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Osteoporosis, according to the WHO definition, is the “progressive systemic skeletal disease characterised by low bone mass and micro-architectural deterioration of bone tissue, with a consequent increase in bone fragility and susceptibility to fracture”.

There are 2 components to osteoporosis (1) weak bones, resulting in (2) increased suseptibility to fractures.

Bone strength is dependent on 2 factors: (1) bone density and (2) bone quality. As there are currently no reliable methods of measuring bone quality, the diagnosis of osteoporosis tends to be made based on bone mineral density (BMD).

"Although 80% of osteoporosis sufferers are women, as the longevity of the male population increases, the disease will assume increasing importance in men." ... Gro Harlem Brundtland



Bone density increases from birth through adolescence, reaching a peak in the twenties. Genetic, environmental and nutritional factors all play a role in contributing to the peak bone density achieved.

There is then slow, minimal decline in bone density from about 30 to 50 years. In men above 50 years, bone density declines at a rate of about 0.2 – 0.5% per year. In post-menopausal women, the rate of decline is significantly higher, at about 3-5% per year for about 5 – 8 years, then slows to about 1-2% per year thereafter.


Many factors contribute to your overall risk of developing osteoporosis.

• Advanced age

• Female gender

• Caucasian or Asian race

• Thin and small body frame

• Positive family history of osteoporosis

• Personal history of fractures as an adult

• Excessive alcohol consumption

• Smoking

• Low dietary calcium

• Lack of exercise, in particular, weight-bearing exercise

• Malnutrition and poor general health

• Low estrogen states in women (eg. After menopause, removal or damage to ovaries)

• Low testosterone levels in men

• Chronic immobility

• Certain medical conditions eg. Hyperthyroidism, hyperparathyroidism, rheumatoid arthritis

• Certain medication eg. Heparin, phenytoin, corticosteroids


In Asian women, the use of the OSTA Scoring system would help in the assessment of this risk.

Clinically, one can estimate the risk of osteoporosis by the OSTA scoring system.   This is calculated as follows:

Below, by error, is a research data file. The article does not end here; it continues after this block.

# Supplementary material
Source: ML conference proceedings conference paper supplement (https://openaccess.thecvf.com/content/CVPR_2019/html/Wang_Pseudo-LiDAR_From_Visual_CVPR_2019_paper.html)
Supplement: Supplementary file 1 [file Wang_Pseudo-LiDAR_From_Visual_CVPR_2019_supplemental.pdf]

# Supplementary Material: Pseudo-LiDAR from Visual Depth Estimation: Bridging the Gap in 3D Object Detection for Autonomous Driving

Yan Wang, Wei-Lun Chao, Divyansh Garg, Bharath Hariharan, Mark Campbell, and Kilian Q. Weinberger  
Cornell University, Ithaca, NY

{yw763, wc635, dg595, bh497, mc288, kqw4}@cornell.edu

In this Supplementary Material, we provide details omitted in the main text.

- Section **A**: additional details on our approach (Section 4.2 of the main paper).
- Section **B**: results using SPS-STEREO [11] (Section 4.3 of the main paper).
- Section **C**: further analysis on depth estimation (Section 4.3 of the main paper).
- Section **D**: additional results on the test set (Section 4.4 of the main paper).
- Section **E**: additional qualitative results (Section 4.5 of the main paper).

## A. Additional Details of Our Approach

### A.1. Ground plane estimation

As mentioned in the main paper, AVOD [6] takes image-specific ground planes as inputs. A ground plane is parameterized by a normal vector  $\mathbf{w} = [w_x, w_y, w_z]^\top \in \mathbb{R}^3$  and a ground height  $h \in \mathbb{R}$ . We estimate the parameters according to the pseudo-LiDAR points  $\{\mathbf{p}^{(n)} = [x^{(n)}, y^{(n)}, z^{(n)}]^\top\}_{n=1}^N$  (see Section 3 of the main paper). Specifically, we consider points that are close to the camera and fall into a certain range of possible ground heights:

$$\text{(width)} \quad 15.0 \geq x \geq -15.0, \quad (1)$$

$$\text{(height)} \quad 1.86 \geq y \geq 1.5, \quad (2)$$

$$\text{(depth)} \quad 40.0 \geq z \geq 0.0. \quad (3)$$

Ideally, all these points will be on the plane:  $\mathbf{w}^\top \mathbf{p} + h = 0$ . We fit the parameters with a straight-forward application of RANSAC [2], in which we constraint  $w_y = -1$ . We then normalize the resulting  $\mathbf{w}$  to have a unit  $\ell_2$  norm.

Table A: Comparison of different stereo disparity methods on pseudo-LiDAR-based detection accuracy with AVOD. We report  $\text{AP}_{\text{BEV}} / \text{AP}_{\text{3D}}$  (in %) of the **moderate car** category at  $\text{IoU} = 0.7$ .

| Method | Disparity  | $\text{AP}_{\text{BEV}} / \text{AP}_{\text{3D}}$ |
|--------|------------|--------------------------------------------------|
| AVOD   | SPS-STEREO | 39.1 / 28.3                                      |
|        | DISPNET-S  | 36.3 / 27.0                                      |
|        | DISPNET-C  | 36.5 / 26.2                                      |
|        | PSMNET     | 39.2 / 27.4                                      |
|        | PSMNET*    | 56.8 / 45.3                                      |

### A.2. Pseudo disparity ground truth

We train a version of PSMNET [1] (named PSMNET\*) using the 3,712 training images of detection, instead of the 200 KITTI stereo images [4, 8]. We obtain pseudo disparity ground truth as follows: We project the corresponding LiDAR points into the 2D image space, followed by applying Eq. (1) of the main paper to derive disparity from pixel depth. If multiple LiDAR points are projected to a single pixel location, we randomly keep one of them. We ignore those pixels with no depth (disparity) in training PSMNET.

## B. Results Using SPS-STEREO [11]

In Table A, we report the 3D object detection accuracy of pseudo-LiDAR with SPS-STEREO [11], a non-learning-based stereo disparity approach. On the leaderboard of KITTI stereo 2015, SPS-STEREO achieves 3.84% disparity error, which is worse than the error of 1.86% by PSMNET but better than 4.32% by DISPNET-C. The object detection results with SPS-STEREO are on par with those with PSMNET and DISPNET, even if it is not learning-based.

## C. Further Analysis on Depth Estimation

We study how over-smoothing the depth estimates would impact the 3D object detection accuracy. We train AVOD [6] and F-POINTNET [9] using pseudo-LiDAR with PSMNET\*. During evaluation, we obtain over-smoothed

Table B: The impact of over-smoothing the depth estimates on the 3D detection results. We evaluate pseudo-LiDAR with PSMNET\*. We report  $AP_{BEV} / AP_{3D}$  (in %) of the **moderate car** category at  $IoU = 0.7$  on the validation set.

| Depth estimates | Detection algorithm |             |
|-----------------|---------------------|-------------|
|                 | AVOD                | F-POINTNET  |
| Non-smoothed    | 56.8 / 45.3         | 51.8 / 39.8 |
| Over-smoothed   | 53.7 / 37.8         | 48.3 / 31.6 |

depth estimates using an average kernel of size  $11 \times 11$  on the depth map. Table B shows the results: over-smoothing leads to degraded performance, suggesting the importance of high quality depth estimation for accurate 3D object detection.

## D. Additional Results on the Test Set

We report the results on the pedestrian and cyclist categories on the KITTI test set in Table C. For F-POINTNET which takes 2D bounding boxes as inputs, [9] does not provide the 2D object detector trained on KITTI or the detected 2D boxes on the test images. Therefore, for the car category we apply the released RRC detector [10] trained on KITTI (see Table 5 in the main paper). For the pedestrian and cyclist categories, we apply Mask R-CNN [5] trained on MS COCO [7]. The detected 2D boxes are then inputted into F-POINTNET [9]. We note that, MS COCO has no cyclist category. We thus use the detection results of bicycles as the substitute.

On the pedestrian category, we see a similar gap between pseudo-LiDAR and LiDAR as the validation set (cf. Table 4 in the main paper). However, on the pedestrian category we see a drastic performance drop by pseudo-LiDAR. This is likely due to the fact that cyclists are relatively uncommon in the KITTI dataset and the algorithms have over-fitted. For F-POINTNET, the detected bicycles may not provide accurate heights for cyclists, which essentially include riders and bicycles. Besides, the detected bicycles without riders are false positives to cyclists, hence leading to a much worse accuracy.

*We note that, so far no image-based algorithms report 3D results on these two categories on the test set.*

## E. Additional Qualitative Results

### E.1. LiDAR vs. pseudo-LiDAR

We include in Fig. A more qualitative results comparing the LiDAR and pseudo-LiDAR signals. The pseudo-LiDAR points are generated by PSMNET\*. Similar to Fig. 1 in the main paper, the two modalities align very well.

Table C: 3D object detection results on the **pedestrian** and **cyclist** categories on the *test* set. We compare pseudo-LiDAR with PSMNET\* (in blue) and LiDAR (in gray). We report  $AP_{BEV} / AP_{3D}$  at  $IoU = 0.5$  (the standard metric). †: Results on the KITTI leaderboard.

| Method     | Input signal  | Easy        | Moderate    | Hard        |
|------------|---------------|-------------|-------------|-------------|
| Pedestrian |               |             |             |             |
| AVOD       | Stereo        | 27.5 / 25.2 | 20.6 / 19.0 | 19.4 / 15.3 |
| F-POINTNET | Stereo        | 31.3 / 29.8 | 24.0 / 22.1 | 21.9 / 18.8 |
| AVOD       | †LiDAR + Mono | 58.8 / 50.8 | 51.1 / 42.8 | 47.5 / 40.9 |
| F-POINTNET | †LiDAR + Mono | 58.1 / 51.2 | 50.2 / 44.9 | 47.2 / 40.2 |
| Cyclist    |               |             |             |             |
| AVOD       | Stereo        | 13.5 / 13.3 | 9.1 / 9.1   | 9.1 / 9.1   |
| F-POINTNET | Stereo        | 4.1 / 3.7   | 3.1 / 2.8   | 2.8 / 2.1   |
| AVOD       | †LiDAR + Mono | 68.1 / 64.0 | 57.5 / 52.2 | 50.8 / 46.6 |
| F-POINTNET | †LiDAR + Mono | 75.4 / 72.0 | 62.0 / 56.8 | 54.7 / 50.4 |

Age (in years) – Weight (in kg) = OSTA Score

Interpreting Results

High > 20

Risk of osteoporosis is high (about 61%)

Moderate 1-20

Risk of osteoporosis is moderate (about 15%)

Low < 1

Risk of osteoporosis is low (about 3%)

From the above, one observes that the older and lighter you are, the higher your risk. For example, if you are 40kg in weight, your OSTA score would be considered high once you are above 60 years old.

Based on your OSTA score and other risk factors, your doctor will advise you on whether you should proceed to do the DEXA scan to assess your Bone Mineral Density.



The estimated worldwide prevalence of osteoporosis in women is as follows:

• 50 – 59 years old, about 4%.

• 60 – 69 years old, about 8%

• 70 – 79 years old, about 25%

• 80 years and above, about 48%

In developed economies such as Singapore, the prevalence of osteoporosis is likely to increase as the population ages. In 2005, 1 in 12 was over 65 years. In 2030, 1 in 5 will be above 65 years.


Falls are more common among the elderly. A simple fall on weakened bones often results in fractures, and this most commonly occurs to the hip, vertebrae and wrists.

The statistics are grim. Up to 25% of patients do not survive beyond 1 year after a hip fracture. Of those who do, 20% become semi or fully dependent, and 40% experience some form of reduced mobility.

A person may otherwise be unaware that she/he has osteoporosis, until a fracture occurs.  Pain then occurs at the site of fracture.  If compression fractures occur in the spinal vertebrae, there may be backache with gradual loss of height and development of a "hunched" posture.



Bone strength is determined by both bone density and bone quality.  As there are no reliable methods of measuring bone quality, the diagnosis of osteoporosis is made based on bone mineral density (BMD).

About 80% of one's bone density is determined by one's genes, and the remaining 20% by lifestyle.   Based on assessment of risk one's individualized risk for osteoporosis,  your doctor will advise on the need for BMD testing.

The most common test for osteoporosis is the DEXA Scan (Dual X-ray Absorptiometry).  It is the preferred technique for measuring BMD for the diagnosis of osteoporosis.   The DEXA Scan is a painless, simple procedure, which is relatively easy to perform.  The scanner produces 2 x-ray beams of different energy levels.  The amount of x-rays that pass through the bone is measured for each beam, and the bone density is calculated based on the difference between the two beams. 

DEXA scanning is typically done on the hip and spine, and bone density measured at these sites are taken as predictive of bone density of the skeleton in general. 



Adequate intake of Calcium and Vitamin D

Exercise – both weight-bearing and resistance training exercises have been shown to be effective in improving bone mineral density in women. Exercise also improves physical strength and postural stability, thus reducing risk of falls and further fractures.

Avoid smoking and alcohol consumption – both are associated with increased risk of osteoporotic fractures.

Fall prevention


If your doctor has assessed that you require treatment, you may be started on the following medication. The choice of drug will depend on efficacy, ease of administration and cost, amongst other factors to be considered.

1. Bisphosphonates
2. Strontium ranelate
3. Raloxifene
4. Calcitonin
5. Teriparatide

Further Reading

The article above is meant to provide general information and does not replace a doctor's consultation.
Please see your doctor for professional advice.